Contract authority refers to the ability given to an individual or agency to act on another's behalf in order to carry out a specific task.

Lack of Authority vs. Apparent Authority

A lack of authority refers to a party acting on behalf of another without having been granted the permission to do so, or a party who has been granted permission to act on another's behalf interfering with areas that they have not been granted specific permission to handle. In this instance, any action made is not legally binding.

There are two instances where a party operating under a lack of authority may legally bind another:

  • When authority is approved after the fact.
  • Cases of apparent authority.

Apparent authority is similar in the sense that the acting party was not given explicit permission to act on behalf of the other, but such permission is reasonably implied. For example, employees often act on behalf of their employer and have the ability to bind them in contract with another entity. Apparent authority is often a necessary component of business, as many companies would be unable to function if responsibility was not shared.

Common, Contract, and Broker Authority

In the case of the Federal Motor Carrier Safety Administration, which regulates haul transportation between states:

  • Common authority involves for-hire transportation services provided to the general public by a common carrier.
  • Contract authority involves for-hire transportation services provided to a specific entity by a contract carrier.
  • Broker authority involves a company finding for-hire carries to transport cargo that belongs to an additional party.

33 U.S. Code § 891d - Contract Authority

According to the 33 U.S. Code § 891d, multiyear contracts require:

  • Funding be obtained throughout the duration of the contact to avoid ending the contract.
  • The contract must promote the best interests of the country through the promotion of economic efficiency and competition.

Similarly, multiyear contracts require certain provisions:

  • Payment depends on the availability of funds prior to payment.
  • The expectations of the contract must be clearly outlined.
  • Plans outlining what will happen in the event of early contract termination, including amounts liable.

Prior to entering into a service contract, there are many considerations to make:

  • It must be in the public's best interest.
  • The duration of the contract does not exceed seven years.
  • The contract must cost less to execute than other available options.

Interstate Commerce vs Intrastate Commerce: Frequently Asked Questions

Interstate commerce involves crossing state boundaries. With this, there must be a physical cross of state lines, or the intent to cross, made by:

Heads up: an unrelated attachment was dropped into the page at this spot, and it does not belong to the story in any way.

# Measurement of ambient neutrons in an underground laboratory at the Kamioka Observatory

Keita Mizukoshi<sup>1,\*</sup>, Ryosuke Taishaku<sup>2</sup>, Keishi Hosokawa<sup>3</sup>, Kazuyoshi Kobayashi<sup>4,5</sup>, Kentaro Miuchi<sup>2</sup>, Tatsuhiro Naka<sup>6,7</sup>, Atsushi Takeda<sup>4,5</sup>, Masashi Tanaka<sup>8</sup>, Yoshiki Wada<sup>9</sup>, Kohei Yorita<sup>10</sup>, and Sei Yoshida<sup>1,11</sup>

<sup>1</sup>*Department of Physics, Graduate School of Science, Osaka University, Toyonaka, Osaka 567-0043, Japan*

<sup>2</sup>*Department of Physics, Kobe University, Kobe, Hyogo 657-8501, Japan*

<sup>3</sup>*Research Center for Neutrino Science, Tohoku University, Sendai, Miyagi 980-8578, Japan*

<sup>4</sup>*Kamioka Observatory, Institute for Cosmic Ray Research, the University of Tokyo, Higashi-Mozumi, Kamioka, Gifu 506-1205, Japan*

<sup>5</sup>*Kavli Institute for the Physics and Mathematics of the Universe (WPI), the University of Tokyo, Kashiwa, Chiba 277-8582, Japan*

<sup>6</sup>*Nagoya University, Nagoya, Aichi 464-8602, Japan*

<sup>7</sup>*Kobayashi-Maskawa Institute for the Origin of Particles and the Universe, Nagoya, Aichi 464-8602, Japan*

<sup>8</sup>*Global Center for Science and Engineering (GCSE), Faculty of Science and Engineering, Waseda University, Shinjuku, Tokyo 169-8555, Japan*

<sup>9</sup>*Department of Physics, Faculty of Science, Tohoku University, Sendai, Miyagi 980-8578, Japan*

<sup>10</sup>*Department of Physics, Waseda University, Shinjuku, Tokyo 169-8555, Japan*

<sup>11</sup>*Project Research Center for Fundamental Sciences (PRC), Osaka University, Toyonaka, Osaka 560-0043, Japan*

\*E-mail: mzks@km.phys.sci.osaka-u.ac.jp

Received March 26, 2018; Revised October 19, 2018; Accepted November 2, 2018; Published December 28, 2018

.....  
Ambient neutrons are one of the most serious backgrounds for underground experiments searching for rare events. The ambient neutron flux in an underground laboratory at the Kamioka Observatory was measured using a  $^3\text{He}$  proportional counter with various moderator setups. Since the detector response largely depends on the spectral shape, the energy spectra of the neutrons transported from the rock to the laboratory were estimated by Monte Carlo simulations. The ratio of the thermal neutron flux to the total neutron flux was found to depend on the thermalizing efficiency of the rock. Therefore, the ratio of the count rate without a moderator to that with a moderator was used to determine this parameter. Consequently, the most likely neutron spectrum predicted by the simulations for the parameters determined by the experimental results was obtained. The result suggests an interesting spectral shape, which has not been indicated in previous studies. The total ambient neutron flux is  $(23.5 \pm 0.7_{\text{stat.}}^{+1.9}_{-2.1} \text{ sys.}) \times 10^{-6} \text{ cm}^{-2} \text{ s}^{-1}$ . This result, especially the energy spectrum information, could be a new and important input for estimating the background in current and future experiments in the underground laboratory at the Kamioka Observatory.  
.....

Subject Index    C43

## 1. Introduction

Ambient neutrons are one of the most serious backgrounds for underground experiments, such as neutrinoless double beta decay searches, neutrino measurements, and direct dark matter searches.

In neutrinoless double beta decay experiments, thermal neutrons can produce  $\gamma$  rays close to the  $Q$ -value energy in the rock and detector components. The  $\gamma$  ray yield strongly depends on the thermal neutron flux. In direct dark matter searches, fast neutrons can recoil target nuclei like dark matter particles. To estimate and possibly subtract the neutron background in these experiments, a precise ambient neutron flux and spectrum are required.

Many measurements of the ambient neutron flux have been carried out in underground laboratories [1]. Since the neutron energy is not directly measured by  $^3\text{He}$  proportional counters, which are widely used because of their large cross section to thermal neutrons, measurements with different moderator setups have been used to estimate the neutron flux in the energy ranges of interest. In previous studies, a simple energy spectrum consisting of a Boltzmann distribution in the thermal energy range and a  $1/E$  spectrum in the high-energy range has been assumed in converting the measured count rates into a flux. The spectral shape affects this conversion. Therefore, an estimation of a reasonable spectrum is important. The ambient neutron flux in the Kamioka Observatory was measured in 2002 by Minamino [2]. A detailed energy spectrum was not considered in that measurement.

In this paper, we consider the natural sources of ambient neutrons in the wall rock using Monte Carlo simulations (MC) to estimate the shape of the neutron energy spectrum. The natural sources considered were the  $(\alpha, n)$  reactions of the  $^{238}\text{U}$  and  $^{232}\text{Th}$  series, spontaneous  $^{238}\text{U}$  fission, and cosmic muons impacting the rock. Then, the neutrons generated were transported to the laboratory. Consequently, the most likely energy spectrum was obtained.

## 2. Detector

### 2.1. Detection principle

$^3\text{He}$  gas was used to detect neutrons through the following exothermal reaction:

• The vehicle.
  • The passengers.
  • The cargo.

When interstate commerce is involved, safety and operating regulations must be followed on both the federal and local levels. The state in which a vehicle is registered must be aware of the intention of interstate commerce before state lines are crossed to ensure compliance with the International Registration Plan and the International Fuel Tax Agreement.

The state in which the vehicle is registered is responsible for collecting fees and distributing them according to the other states that will be involved.

Intrastate commerce does not involve crossing state lines. In this case, local regulations need to be followed in addition to three federal laws:

  1. All drivers must have a commercial driver's license.
  2. All drivers must be tested for drugs and alcohol.
  3. Maintain financial responsibility for hazardous materials and substances.

Similarly, a USDOT number will be needed if:

  1. The vehicles used are over 10,000 pounds.
  2. If there will be between nine to 15 passengers being transported for compensation.
  3. If there will be over 16 passengers being transported.
  4. If hazardous materials are involved (in the case of interstate commerce).

A For-Hire carrier involves receiving compensation for the service provided. These carriers need:

  • A USDOT number (these are not transferable).
  • Operating authority, which is called an MC number (this will not change in the event of a change in name, nor will a new certificate be issued with the updated name).

Merely applying for the correct permits is not enough. Until the correct permits have been issued, interstate transportation is not allowed. A simple search of the FMCSA database can determine if operating authority is active.

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